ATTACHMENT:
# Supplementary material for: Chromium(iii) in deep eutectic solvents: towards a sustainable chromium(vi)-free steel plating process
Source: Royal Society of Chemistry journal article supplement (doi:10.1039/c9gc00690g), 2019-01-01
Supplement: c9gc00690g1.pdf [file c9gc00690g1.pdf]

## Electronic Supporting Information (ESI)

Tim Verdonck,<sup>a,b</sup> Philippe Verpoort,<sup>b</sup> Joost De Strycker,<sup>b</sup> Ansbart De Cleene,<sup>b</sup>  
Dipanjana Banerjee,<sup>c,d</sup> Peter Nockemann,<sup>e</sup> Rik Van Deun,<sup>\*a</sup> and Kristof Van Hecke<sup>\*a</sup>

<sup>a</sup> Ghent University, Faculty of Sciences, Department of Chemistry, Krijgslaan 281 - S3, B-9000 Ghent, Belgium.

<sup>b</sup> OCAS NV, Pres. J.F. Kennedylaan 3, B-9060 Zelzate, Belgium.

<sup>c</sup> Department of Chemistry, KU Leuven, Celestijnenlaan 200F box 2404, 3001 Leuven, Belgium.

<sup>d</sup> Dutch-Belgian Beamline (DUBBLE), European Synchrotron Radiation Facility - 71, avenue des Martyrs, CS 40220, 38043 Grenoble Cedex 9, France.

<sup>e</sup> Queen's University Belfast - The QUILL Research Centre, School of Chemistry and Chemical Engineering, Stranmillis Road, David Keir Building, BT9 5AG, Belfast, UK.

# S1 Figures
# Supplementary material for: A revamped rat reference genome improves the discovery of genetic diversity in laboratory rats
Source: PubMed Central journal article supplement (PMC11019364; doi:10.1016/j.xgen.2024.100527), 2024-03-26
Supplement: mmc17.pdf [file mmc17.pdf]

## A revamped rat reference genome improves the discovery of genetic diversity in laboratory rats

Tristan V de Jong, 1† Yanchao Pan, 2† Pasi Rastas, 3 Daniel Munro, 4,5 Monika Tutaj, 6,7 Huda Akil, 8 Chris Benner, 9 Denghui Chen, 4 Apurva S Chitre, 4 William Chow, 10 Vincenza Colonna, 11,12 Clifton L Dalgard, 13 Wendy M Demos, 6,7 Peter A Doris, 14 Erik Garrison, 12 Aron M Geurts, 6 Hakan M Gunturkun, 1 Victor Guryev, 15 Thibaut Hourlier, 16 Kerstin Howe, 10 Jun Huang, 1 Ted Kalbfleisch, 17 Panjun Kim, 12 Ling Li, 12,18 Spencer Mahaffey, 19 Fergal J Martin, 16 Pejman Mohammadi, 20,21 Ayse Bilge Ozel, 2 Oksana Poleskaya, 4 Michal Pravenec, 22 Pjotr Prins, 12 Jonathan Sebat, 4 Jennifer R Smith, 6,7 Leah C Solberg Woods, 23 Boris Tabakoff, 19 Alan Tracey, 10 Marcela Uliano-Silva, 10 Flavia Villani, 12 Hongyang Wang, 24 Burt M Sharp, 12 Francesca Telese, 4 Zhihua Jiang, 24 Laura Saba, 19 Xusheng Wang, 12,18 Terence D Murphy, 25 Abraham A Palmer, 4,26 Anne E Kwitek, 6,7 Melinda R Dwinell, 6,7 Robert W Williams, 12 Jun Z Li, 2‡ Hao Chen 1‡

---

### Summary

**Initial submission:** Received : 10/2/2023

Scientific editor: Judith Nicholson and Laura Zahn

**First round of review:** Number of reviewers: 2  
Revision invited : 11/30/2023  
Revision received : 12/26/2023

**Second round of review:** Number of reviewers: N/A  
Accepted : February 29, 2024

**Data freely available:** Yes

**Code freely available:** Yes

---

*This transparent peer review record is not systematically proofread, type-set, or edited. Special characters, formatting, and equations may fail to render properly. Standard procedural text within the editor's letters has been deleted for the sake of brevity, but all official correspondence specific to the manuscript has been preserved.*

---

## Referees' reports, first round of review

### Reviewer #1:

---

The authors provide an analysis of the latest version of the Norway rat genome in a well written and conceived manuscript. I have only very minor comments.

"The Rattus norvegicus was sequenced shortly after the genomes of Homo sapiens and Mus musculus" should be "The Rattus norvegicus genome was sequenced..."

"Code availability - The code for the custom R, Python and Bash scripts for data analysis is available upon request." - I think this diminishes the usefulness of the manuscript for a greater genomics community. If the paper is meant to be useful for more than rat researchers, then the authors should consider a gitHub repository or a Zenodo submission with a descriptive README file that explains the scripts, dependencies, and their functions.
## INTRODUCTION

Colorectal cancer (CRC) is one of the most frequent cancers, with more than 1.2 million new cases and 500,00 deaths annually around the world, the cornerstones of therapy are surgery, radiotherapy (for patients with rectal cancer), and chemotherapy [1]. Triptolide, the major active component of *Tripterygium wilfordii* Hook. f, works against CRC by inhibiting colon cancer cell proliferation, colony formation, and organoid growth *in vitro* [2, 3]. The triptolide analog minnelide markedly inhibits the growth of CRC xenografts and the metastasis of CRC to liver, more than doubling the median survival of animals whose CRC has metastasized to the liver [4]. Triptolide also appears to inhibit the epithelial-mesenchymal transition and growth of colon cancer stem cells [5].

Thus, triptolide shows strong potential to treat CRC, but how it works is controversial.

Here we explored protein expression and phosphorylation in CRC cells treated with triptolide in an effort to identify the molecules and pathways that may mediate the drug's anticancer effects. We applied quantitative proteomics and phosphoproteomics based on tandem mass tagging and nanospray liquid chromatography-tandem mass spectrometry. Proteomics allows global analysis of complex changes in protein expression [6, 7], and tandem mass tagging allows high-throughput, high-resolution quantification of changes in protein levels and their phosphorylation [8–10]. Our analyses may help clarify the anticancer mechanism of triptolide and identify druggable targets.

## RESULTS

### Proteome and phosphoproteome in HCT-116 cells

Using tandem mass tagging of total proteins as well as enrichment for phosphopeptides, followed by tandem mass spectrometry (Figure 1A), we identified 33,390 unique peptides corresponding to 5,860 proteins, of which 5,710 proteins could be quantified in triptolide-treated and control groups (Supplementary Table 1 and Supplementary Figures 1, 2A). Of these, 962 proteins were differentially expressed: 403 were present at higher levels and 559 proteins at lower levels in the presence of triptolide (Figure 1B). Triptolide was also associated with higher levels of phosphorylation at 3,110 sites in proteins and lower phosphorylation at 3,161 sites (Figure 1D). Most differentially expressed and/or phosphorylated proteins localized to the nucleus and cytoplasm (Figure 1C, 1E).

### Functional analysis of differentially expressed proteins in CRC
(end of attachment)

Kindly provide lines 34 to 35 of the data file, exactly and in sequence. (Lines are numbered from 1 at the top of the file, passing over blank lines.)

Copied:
---

The authors provide an analysis of the latest version of the Norway rat genome in a well written and conceived manuscript. I have only very minor comments.